by James Downie – Head of Asset Consulting, MitonOptimal
“Why we construct multi-asset, multi-outcome portfolios for clients, using uncorrelated asset classes and portfolios, to both reduce the probability of loss AND the size of the loss if markets should fall.”
As a holder of a Bachelor of Science degree with majors in Mathematics and Statistics, I am frequently ridiculed (often by my MitonOptimal colleagues!) for being a regular buyer of a lottery ticket. Common comments made follow the trend of “Don’t you know you’ve got more chance of being hit by lightning/bus/cow than winning?” and “Do you know how small your chances are of winning?”. This was exacerbated by an accusation (also by a MitonOptimal colleague) that my love of surfing (and hence exposure to sharks) was antithetical to my avowed risk-mitigation stance in portfolio management.
Firstly, the lottery. As a stats major, I know exactly what my odds of winning are. In South Africa, our National Lottery consists of choosing six numbers between 1 and 49 inclusive (in stats-speak, without replacement). Hence there are 10,068,347,520 different permutations, of which I have to select the correct one to win the big prize. My chances of winning are infinitesimal, but with a current jackpot of about R30,000,000, it’s tempting to play. More importantly, my chances of losing are almost inevitable but, critically, there are two things I know about that. The least important is that I know the exact odds. The most important is that I can afford the loss. Ten lines of randomly drawn numbers cost R100 and I am fortunate to be able to lose it and know I’m going to. (But just imagine if I won!).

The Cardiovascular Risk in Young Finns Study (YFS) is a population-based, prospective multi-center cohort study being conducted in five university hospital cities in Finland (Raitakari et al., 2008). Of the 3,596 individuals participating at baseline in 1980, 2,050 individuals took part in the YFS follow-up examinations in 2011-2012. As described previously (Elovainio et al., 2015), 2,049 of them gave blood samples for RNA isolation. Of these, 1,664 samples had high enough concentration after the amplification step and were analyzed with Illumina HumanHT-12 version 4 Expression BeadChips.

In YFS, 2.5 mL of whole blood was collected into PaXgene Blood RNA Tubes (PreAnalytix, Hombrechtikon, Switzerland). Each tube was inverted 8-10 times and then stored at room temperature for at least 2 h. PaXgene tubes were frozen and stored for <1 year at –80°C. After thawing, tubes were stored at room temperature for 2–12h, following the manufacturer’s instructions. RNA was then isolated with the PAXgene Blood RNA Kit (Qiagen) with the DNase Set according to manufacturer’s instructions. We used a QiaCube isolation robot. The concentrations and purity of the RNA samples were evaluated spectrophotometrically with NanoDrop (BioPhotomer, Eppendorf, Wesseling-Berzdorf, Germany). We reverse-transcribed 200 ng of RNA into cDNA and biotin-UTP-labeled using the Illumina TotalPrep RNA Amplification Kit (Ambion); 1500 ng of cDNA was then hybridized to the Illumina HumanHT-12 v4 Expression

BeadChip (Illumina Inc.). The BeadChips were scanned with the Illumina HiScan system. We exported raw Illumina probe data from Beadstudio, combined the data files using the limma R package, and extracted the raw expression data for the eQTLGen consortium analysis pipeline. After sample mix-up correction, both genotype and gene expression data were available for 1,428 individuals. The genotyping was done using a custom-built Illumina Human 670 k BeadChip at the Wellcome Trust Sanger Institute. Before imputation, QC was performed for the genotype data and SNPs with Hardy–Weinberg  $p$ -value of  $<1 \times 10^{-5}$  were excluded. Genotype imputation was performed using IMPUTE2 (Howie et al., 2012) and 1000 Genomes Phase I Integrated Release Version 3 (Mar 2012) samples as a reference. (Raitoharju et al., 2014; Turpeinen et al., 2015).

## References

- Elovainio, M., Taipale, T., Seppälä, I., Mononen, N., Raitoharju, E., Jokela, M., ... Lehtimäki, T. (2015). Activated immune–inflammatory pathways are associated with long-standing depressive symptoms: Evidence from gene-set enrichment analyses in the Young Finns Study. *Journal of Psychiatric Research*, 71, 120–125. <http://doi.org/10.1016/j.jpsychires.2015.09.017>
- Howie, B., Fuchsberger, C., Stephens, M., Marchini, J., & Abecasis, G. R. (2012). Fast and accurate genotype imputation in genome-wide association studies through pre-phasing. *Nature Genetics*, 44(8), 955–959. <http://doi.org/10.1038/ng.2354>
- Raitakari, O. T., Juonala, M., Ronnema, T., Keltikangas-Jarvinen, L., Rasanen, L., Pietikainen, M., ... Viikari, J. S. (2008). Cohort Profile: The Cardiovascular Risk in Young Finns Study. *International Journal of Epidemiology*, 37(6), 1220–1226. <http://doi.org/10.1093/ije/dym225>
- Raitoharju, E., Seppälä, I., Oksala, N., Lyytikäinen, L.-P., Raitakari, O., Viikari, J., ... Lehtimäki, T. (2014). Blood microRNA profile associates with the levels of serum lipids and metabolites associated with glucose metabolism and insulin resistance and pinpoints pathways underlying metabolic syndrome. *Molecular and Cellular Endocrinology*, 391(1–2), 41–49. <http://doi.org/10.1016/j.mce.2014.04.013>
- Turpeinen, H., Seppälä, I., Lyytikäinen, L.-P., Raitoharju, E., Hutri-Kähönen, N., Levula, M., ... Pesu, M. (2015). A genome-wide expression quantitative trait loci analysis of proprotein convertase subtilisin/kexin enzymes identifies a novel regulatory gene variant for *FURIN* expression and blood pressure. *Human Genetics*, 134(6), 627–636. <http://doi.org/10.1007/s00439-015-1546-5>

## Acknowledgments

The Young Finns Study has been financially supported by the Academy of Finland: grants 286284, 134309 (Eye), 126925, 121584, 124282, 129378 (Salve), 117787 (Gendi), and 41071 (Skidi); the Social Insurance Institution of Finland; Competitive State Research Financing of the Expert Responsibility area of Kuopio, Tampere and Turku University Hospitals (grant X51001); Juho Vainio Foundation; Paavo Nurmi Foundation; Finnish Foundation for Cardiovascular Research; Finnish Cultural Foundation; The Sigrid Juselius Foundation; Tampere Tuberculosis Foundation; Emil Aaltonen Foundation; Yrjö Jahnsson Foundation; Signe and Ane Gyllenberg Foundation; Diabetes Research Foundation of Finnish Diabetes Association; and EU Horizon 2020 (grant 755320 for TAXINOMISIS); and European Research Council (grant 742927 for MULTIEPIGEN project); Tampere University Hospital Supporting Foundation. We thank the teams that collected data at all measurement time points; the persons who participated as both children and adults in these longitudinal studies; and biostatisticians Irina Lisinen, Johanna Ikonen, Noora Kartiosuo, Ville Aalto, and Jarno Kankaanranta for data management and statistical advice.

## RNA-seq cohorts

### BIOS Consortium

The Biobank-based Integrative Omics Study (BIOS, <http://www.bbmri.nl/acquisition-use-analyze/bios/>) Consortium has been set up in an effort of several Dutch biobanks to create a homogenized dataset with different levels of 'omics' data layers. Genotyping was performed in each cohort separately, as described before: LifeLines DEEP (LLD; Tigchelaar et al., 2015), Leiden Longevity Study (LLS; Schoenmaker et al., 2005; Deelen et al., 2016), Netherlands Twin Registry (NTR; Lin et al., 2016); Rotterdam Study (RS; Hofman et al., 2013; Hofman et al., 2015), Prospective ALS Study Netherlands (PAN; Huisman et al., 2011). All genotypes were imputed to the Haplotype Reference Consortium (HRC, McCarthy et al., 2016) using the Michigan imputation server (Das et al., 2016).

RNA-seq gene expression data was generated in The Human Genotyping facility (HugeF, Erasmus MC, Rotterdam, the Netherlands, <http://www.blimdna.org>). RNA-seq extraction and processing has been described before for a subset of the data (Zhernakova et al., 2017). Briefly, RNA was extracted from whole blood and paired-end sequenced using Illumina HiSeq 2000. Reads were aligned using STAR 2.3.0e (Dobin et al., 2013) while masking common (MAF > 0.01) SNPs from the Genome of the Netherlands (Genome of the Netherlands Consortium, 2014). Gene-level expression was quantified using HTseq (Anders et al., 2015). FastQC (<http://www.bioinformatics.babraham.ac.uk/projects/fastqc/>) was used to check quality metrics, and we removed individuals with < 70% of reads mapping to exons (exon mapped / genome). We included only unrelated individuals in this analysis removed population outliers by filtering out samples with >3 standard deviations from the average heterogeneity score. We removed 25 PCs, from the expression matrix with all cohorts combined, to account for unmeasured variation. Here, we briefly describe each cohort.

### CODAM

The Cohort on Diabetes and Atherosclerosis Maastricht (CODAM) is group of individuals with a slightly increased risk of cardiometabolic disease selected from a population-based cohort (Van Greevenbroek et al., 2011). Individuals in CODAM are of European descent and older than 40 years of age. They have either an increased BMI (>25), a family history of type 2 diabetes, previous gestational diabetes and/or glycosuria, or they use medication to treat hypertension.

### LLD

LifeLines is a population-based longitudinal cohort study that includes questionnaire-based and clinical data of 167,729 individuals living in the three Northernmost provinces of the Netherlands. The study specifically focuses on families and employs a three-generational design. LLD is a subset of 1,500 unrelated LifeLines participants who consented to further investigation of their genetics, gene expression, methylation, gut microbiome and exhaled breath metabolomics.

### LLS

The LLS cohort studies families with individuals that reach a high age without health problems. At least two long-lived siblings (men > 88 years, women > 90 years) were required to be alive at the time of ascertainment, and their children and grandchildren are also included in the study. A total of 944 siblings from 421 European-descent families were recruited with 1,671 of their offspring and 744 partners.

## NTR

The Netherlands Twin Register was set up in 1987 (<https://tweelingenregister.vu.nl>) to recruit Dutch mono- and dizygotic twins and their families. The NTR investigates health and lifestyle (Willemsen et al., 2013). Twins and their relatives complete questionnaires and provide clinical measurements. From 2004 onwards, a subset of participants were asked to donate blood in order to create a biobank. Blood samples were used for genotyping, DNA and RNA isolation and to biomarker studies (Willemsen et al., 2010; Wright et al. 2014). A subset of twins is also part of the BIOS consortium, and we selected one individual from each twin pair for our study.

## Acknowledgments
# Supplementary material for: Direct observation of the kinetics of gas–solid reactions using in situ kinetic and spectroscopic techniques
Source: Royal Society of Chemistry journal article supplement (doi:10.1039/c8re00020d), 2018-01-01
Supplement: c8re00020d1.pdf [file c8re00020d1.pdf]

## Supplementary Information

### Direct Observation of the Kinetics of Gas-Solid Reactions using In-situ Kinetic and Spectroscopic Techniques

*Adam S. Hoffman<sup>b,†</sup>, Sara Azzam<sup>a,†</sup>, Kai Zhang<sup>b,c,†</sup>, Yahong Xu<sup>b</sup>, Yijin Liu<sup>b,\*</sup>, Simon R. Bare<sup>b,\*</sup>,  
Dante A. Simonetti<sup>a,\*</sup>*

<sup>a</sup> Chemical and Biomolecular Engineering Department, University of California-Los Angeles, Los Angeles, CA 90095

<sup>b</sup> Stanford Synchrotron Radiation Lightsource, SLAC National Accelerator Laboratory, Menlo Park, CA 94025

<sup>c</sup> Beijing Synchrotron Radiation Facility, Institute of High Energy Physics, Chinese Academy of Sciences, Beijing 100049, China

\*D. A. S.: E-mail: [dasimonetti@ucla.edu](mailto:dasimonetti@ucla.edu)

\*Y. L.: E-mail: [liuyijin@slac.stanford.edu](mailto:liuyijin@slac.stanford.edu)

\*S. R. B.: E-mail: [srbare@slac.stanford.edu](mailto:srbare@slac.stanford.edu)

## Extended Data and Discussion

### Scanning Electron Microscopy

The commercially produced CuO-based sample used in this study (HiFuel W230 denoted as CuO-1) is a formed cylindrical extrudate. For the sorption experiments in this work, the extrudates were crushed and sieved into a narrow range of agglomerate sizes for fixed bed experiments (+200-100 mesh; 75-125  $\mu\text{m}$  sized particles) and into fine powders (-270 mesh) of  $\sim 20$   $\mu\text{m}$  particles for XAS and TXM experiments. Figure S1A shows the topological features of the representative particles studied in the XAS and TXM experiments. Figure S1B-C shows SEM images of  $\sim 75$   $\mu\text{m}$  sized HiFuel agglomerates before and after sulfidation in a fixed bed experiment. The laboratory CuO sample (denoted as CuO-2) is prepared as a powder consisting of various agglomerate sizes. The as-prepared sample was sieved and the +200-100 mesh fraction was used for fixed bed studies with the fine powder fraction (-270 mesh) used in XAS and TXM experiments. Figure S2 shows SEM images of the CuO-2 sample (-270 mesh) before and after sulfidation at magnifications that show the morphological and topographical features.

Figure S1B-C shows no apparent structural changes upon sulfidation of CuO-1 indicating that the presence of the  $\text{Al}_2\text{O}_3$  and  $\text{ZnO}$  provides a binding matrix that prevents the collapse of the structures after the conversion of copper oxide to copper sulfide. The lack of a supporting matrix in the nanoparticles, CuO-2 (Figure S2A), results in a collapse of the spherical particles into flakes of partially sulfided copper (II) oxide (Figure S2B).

In stats-speak, the expected value of one’s return is the value of the return multiplied by the probability of the return. I know the expected value of my return on the ten lines of lottery numbers is very close to -R100. Incidentally, and here is where the Maths part comes in, my chances of winning are infinitely greater than those of my colleagues who haven’t bought a ticket!
Bringing this back to investments and how we manage portfolios, here I borrow from the extraordinary Nicholas Nassim Taleb who has written two of the most seminal books on investing ever and introduced us to the much-misinterpreted expression of “Black Swan”.
Taleb was asked what he thought the markets were going to do and he averred that he was bearish but thought the market had a 70% chance of going up. His audience couldn’t reconcile a bear who though the market was rising. When quizzed about it, Taleb explained that he thought the market had a 70% chance of going up about 2% but a 30% chance of dropping about 20%. Therefore, the expected value of one’s investment in the market was (70%x2%) + (30%x-20%) = -4.6%. So, he was bearish as he expected to lose money.
All too often, investors rely on probabilities without taking into account the size of the outcomes that accompany the probability. And as Taleb says, if you can’t handle the size of the loss should it occur, even if it’s a one-in-two-hundred-year probability, don’t invest! It’s not the probability that matters – it’s the size of the event.
That is why we construct multi-asset, multi-outcome portfolios for clients, using uncorrelated asset classes and portfolios, to both reduce the probability of loss AND the size of the loss if markets should fall.
Finally, referring this logic back to one of my favourite pasttimes surfing. In the last 100 years, there have been about 400 shark attacks on South African beaches, and 6 of them occurred where I surf, the last one being in 2014. That means that my probability of encountering a shark, using 100 years of data, is about 6 in 36,500,000, assuming that approximately 1,000 people surf every day up and down the coast of South Africa (a considerable underestimate I am sure). So, using my argument above, I should not be using the 1 in 6,000,000 probability of being attacked, I should be assessing if I can handle the loss of being attacked, which I clearly cannot. But surfers are ‘stupid’ that way, even maths and stats graduates, and it is just too much fun!
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